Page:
‘Another Period’ Tackles Too Much at Once
Another Period has a lot going on. Like, so much going on. So many things.
Parodying two genres of TV about rich people — the ones on our costume soap operas, like Downton Abbey, and the real, modern ones on our celebreality or Housewives shows — it has all the twists and turns that make these shows compelling. Wine throwing? You got it. A pregnant secret prostitute? Sure. Gay Husbands? I mean, makes sense. Incestuous siblings? Isn’t that a little more Game of Thrones? Plus: historical figures, illiteracy, and lawn boating.
There has been a long, if not grand, tradition of soap opera parody: there was Soap, the reruns of which confounded me as a child, and Mary Hartman, Mary Hartman, which confounded just about everyone, even in the 70s. Soap operas are so bombastic by nature that any attempts to parody them tend to feel like a stretch. There’s not much you can do to up the stakes, when the stakes already involve false murder accusations and secret abortions and the constant specter of death.
The funniest soap opera parodies are real soap operas — I mean, did you ever watch Revenge? It was hilarious. Or Passions? That nonsense had a talking doll boy and his witch.
But, because Another Period has so much going on (god, so much), it has a lot going for it — almost entirely in the form of talent. So many of our friends are there: comedy friends, like creators Riki Lindhome of Garfunkel and Oates (which I, for one, devotedly liked pretty well) and Natasha Leggero of roasts. Plus State alums and everywhere people Michael Ian Black and David Wain, Brett Gelman, David Koechner, and Brian Huskey. It also has TV friends we might have thought we’d lost, like Joan Holloway, and generally appealing actor friends like Jason Ritter and Paget Brewster. It has solid time-period jokes, like the well-to-do Bellacourt sisters’ beauty routine, which includes pubic hair perfuming, and their abiding disregard for women. And much like Drunk History, there are appearances by historical figures: Helen Keller, her nurse Annie Sullivan, and Charlie Chaplin, which are kind of delightful in set-up, if not always execution.
Despite knowing exactly what Another Period is — Kardashian Abbey — it’s sometimes hard to know what it’s going for, because it doesn’t resemble either of the genres it takes on. The opening scene involves the wealthy Bellacourt sisters (Lindhome and Leggero) and their husbands (Wain and Huskey) abusing their maid, Blanche (Beth Dover) for minor mistakes and things out of her control. It’s amusing to watch these wealthy people be entitled and terrible, but as a parody of reality TV or costume drama, it’s a confusing choice. The preening, image-obsessed women and men of reality TV know better than to treat the help poorly. The preening, image-obsessed family in Downton Abbey lives by code of decorum, at least in the public space of their own opulent living room. Of course, the Bellacourts are American new money. So would this kind of needless screaming have happened? Maybe! Probably! Eat the rich! But it doesn’t have anything to do with any scene on PBS or Bravo, and it struggles to place us in a hybrid world that we need some help settling into.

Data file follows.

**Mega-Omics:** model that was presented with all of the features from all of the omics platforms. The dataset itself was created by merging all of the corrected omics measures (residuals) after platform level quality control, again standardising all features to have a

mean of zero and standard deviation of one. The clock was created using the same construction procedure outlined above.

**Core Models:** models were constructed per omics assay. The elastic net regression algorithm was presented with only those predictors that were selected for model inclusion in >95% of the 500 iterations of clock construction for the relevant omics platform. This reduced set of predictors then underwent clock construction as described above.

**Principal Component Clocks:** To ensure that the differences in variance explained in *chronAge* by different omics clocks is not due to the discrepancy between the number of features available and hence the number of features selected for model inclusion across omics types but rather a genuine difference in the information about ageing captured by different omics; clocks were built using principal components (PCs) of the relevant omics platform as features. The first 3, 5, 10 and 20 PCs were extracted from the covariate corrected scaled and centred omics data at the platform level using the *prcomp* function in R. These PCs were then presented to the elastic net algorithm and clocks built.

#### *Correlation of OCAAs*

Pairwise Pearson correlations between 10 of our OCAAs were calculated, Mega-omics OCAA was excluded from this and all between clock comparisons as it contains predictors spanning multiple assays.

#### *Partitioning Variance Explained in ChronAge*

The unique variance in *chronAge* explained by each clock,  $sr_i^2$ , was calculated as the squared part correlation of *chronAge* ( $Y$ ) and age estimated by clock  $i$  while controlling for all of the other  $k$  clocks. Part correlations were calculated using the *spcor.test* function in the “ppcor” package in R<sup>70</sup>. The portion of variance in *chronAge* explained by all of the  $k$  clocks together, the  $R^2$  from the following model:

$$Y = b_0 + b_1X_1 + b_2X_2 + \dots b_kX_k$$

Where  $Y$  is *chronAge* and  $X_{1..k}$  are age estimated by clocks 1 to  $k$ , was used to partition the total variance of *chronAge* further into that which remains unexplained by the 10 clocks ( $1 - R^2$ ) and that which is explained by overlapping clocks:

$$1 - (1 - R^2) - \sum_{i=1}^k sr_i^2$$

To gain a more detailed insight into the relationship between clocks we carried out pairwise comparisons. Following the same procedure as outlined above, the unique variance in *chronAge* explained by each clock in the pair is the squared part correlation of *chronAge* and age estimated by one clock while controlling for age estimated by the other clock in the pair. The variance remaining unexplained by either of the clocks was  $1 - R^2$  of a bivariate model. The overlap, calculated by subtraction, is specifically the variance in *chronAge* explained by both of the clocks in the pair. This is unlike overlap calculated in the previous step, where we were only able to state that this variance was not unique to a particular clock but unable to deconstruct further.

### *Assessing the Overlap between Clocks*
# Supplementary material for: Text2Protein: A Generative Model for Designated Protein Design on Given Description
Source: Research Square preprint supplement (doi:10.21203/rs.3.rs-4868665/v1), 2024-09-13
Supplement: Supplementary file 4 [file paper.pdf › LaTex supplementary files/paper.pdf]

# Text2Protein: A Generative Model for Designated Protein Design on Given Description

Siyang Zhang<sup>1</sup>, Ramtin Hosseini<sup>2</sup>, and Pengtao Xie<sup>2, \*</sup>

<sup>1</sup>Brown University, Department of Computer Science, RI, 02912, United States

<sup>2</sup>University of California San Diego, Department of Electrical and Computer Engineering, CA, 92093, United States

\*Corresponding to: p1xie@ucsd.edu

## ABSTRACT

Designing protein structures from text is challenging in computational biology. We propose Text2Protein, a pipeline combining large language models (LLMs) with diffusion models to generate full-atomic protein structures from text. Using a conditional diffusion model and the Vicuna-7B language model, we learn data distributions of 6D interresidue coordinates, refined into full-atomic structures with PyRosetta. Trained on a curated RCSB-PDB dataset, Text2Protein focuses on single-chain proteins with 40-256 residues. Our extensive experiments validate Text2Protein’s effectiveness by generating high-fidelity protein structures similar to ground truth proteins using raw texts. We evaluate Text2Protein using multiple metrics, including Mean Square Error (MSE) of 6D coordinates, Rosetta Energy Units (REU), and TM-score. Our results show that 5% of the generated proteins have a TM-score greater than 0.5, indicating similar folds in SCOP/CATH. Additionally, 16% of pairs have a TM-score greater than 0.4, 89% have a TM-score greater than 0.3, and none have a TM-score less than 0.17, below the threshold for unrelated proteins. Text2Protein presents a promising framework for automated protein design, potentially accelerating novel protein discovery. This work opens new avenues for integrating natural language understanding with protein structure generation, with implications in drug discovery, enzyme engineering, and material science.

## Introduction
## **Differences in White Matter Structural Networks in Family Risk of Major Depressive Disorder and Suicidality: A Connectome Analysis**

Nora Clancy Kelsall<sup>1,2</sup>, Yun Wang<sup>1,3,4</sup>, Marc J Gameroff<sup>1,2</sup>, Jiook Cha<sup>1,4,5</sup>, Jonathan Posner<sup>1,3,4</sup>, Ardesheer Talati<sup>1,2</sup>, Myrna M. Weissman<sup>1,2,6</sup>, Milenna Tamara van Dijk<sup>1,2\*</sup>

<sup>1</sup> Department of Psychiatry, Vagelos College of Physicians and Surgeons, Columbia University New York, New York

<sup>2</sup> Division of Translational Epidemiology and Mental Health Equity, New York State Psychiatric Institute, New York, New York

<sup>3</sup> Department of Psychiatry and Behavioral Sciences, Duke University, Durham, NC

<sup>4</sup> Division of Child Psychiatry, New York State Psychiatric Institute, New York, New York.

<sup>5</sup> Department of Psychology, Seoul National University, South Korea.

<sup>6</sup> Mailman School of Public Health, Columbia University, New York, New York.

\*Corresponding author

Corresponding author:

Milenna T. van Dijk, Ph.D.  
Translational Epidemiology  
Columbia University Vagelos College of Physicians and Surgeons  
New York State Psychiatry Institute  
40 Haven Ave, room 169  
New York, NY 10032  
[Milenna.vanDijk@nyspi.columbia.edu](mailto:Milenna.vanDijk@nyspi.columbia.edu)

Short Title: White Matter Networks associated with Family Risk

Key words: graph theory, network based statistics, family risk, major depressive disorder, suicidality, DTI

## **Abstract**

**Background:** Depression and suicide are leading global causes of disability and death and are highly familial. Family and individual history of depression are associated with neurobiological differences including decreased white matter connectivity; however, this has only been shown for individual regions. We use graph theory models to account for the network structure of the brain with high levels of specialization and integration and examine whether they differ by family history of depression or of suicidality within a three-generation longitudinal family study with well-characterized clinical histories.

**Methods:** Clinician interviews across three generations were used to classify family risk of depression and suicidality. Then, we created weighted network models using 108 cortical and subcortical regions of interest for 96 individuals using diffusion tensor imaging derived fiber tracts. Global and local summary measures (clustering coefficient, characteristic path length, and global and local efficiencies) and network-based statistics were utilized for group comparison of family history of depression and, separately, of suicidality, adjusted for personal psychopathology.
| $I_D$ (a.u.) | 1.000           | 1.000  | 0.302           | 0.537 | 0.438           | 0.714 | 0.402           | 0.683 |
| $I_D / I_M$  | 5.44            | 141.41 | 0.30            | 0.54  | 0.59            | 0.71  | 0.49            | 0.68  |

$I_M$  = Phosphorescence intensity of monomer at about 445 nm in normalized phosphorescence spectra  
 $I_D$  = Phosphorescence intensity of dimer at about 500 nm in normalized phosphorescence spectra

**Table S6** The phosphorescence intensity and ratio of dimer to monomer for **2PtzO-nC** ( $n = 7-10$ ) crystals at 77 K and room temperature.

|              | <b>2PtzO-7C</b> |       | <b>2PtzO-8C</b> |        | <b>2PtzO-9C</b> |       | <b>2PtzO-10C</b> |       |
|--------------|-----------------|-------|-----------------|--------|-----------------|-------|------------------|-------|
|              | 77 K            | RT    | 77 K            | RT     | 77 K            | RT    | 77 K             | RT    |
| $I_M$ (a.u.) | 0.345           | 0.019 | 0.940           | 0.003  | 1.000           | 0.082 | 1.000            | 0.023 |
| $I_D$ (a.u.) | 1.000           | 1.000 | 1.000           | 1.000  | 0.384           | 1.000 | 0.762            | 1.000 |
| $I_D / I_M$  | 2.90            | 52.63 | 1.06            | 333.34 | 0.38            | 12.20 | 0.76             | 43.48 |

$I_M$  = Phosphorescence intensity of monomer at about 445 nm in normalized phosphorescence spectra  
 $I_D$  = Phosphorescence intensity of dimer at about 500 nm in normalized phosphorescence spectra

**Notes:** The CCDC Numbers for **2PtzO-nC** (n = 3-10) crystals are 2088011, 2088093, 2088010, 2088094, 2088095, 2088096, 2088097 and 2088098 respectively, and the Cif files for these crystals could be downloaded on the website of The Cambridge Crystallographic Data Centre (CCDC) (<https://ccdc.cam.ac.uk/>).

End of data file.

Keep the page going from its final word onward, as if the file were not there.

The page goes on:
The strange notes continue from there. Bellacourt siblings Beatrice (Lindhome) and Frederick (Jason Ritter) share a love that dare not speak its name: incest. I know this kind of thing pops up in say, The Borgias (maybe? I don’t know), but here it feels way more soapy than costume soapy, and the plotline distracts from the jokes it exists to help make. The punchline that when Beatrice and Frederick spend time “alone” time, they are surrounded by the furniture-like servants necessary to undress them, was muffled by my protests of, “Wait, these siblings are doing it? WHY?”
The second episode featured a through line about rape, here called “ravishing.” Jokes about ravishing, jokes about how men should like being ravished, jokes about ravish culture, jokes about offers to ravish as a compliment, jokes about how people feel about ravish jokes. I laughed at “ravish culture,” but the repeated callbacks feel the way these jokes always do, like, “oh, you did it. You proved there are ways to make rape jokes. What an American, free speech hero.”
At some point, soon, the jokes about gay husbands and incestuous siblings and maybe even ravishing will run out — the material is plentiful here but ultimately limited. They might be replaced by evil twins or snake oil sponsorship deals for the sisters or murdered archdukes, or they might be replaced by more gay jokes, more incest jokes, more ravish jokes. Perhaps the show will find its footing, or maybe it will become a series of unrelated hissyfits, dully edgy plotlines, and Buster Keaton cameos.
There’s so much material, and overlap, between costume drama and reality TV, I’m just not sure why Another Period goes so far afield so often. But I have suspicions. While it’s parodying genres that tend to be more popular with women, and was created by two women, Another Period still feels broad in a way that implies that maybe it’s supposed to appeal to dudes. Sketches from both Kroll Show and Inside Amy Schumer have implied that Comedy Central, as a network, has a lot of opinions about how a show can appeal to its core audience, Tosh.0 viewers. It feels like perhaps Another Period doesn’t know who its audience is. I know I don’t know who its audience is, but as a woman who loves both jokes and these particular genres of TV garbage, it doesn’t feel like it’s me.